Fashion History: 1950's

Flamboyant and Feminine - Women’s Fashions trends of the 1950s

 

1950’s fashion was epitomised by the flamboyant femininity of style icons like Grace Kelly, Audrey Hepburn and Jackie O. Throughout women’s fashion history these grand dames have remained beacons of grace and timeless style, to the extent that contemporary designers such as Luca Luca, Chanel and Alexander McQueen are still paying homage to this era in their designs today.

 

The hallmarks of 1950’s fashion history were soft silhouettes, wide shoulders, the corseted waist and full hips. These were supplemented with trim bodices, full knee-length skirts, short boxy jackets and blouses teamed with pencil skirts. One style that deviated from this trend was the cocoon-like sac dress and coat that was fitted to the shoulder and bloomed spectacularly at the waist and hips.

 

Although 1950’s fashion trends were clean, classic and conservative, the politics and social dynamics of the time was anything but. Each polished and refined fashion trend that graced the runway was matched by an inversely radical social change.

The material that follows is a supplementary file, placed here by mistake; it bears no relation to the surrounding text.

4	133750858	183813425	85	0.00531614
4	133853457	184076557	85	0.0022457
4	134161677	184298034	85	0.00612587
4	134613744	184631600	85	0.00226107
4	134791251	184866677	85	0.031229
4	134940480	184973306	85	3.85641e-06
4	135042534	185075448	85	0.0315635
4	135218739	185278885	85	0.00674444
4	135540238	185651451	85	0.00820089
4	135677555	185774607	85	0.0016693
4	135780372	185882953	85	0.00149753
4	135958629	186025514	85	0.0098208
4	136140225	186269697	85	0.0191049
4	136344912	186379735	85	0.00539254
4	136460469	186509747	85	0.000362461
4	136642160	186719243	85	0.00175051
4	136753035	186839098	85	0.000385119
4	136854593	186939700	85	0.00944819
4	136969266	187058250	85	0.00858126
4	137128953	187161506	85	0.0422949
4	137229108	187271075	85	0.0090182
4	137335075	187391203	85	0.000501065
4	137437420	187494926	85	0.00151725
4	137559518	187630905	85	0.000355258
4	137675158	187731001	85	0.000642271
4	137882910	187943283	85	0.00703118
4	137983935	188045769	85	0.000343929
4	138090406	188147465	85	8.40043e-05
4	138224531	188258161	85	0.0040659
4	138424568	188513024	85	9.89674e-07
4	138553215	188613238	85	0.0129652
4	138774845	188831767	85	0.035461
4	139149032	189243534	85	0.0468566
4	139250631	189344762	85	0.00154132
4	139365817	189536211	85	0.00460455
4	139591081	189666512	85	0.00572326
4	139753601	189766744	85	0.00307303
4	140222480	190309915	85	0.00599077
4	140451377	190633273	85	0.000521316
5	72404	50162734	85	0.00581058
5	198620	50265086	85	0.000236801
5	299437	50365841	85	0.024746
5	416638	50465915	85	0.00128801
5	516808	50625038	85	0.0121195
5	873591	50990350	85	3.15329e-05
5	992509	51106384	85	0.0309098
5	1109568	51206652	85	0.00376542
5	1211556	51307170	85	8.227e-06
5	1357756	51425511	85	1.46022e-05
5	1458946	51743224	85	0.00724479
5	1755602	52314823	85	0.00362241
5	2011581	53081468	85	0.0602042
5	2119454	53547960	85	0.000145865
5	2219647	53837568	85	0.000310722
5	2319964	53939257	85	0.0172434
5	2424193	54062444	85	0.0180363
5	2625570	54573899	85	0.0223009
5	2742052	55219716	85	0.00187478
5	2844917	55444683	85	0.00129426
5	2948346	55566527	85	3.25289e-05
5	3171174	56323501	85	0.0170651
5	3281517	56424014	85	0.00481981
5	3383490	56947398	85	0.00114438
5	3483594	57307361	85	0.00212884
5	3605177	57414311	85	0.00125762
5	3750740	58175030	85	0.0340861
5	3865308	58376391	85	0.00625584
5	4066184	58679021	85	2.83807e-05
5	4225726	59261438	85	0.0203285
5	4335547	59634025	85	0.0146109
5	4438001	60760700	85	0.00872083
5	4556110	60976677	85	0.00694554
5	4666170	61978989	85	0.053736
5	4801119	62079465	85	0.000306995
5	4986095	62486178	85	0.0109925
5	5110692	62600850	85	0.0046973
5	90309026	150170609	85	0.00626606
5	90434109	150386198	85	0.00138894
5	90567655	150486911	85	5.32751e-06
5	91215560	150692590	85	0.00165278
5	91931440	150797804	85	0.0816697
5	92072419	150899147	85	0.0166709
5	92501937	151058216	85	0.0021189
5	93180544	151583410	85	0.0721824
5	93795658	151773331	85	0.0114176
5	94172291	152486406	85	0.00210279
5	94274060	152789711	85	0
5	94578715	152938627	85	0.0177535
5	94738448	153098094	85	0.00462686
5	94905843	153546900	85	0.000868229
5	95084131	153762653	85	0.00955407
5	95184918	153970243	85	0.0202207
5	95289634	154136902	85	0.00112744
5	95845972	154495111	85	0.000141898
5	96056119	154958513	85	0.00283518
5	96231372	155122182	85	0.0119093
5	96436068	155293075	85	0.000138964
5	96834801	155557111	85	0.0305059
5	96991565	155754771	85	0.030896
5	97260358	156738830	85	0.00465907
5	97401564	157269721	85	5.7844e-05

Common Designs:

 

The most popular fashion trends of the time included:

 

·          Single- or dual-piece dresses adorned with small collars, fitted blouses and full knee-length skirts.

·          Casual dresses with boned bodices, circle skirts and halter straps.

·          Similarly fitted eveningwear that had a heart-shaped opaque strapless bodice with a sheer silk or nylon over bodice, usually sleeveless or long-sleeved

·          Prom-style evening dresses of tulle in pastel hues, normally accompanied by yards of ruffles, tulle trim and velvet bows.

·          Button-up sweaters with a plain neckline, often appliquéd or beaded.

 

Catwalks were crowded with conservative skirts and high-necked sweaters but in reality the average American consumer was developing and increasingly sloppy outlook on finance. This was a direct result of the introduction of the credit card system, which lead to the birth of consumerism and a disposable attitude towards wealth.